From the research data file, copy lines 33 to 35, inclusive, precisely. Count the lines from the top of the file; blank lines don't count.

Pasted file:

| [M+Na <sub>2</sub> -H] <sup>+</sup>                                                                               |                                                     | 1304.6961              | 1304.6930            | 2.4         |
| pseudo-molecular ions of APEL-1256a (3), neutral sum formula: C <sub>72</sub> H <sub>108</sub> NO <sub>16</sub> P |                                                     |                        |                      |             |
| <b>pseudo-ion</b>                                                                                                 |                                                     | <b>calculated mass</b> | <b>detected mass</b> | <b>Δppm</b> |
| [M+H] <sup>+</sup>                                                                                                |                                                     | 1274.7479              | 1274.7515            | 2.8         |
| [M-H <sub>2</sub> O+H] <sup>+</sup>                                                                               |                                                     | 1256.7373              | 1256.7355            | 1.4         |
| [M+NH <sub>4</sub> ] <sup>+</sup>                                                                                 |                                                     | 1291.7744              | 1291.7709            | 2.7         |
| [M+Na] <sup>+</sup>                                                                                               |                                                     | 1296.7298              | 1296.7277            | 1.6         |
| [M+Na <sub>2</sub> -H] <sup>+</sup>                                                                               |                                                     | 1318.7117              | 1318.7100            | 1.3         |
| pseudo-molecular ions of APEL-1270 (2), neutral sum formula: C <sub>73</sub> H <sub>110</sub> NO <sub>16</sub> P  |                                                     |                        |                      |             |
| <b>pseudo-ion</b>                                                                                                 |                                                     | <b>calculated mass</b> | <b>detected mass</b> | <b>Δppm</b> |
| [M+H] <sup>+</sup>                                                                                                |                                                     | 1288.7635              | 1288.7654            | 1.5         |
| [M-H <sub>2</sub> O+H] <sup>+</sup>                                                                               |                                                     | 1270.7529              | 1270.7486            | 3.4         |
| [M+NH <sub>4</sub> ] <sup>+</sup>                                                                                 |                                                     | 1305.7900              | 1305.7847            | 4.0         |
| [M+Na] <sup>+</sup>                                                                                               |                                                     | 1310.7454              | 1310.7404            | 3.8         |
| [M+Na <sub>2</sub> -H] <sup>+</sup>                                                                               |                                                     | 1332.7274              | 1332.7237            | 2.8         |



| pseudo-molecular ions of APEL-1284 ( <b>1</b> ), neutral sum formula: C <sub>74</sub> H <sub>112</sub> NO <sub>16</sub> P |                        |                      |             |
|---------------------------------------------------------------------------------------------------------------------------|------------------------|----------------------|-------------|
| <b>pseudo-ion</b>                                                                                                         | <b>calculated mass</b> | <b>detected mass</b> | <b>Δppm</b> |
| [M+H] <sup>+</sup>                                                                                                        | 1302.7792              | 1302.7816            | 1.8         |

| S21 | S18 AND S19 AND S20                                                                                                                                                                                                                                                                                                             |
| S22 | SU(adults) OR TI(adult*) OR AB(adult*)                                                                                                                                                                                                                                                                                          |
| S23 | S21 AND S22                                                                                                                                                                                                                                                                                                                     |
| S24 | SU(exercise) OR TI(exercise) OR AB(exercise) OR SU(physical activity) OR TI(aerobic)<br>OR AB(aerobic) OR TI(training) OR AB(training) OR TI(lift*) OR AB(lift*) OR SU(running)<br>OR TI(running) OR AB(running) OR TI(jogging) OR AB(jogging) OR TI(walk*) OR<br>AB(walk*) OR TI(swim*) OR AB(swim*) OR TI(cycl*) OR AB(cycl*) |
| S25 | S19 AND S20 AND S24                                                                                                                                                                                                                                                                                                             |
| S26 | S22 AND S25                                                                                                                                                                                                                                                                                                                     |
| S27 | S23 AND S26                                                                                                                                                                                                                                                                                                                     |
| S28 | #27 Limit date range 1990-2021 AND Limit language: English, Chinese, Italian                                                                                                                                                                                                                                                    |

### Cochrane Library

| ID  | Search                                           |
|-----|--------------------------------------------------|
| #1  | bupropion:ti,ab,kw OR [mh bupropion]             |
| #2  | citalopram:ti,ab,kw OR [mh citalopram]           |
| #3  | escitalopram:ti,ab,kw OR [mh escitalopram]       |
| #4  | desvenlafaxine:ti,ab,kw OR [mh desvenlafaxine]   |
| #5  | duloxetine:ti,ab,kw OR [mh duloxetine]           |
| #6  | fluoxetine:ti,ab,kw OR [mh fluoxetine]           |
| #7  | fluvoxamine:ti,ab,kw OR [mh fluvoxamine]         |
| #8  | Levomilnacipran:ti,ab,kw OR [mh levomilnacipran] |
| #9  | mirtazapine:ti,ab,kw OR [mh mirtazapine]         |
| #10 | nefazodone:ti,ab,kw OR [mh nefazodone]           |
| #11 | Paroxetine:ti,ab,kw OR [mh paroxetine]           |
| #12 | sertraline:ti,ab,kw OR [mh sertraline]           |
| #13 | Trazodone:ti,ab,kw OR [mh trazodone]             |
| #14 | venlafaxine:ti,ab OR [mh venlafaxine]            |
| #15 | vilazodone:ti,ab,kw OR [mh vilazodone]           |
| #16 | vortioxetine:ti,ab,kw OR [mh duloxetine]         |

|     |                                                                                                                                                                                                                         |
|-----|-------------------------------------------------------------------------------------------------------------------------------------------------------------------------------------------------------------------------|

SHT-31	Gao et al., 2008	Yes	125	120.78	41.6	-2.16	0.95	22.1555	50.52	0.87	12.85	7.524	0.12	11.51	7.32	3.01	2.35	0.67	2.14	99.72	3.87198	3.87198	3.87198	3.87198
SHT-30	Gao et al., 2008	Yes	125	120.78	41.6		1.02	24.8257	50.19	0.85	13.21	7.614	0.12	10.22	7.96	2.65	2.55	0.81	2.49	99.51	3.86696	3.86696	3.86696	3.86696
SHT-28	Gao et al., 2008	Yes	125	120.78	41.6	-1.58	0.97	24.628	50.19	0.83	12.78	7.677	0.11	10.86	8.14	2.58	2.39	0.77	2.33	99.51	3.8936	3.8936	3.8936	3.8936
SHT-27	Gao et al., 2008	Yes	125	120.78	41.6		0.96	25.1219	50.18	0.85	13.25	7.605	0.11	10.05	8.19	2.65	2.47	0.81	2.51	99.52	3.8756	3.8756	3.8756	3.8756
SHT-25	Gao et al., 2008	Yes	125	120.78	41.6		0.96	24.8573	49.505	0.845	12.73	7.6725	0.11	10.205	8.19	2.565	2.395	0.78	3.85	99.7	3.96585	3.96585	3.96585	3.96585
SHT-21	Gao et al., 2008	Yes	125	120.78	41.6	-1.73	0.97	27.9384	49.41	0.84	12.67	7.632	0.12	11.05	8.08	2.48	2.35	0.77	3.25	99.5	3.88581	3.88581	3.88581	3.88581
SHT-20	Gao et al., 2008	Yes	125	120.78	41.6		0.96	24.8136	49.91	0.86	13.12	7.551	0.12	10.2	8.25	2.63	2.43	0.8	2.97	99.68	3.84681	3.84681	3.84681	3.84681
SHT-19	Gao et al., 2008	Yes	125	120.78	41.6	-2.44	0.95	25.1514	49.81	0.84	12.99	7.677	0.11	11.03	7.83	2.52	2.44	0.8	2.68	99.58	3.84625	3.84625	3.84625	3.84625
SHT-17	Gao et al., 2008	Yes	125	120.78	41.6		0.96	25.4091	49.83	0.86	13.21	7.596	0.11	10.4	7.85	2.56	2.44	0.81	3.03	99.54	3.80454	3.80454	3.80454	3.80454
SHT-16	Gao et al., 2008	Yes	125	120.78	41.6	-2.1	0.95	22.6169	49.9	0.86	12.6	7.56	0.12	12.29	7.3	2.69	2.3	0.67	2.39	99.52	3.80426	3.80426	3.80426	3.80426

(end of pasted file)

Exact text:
| #3  | escitalopram:ti,ab,kw OR [mh escitalopram]       |
| #4  | desvenlafaxine:ti,ab,kw OR [mh desvenlafaxine]   |
| #5  | duloxetine:ti,ab,kw OR [mh duloxetine]           |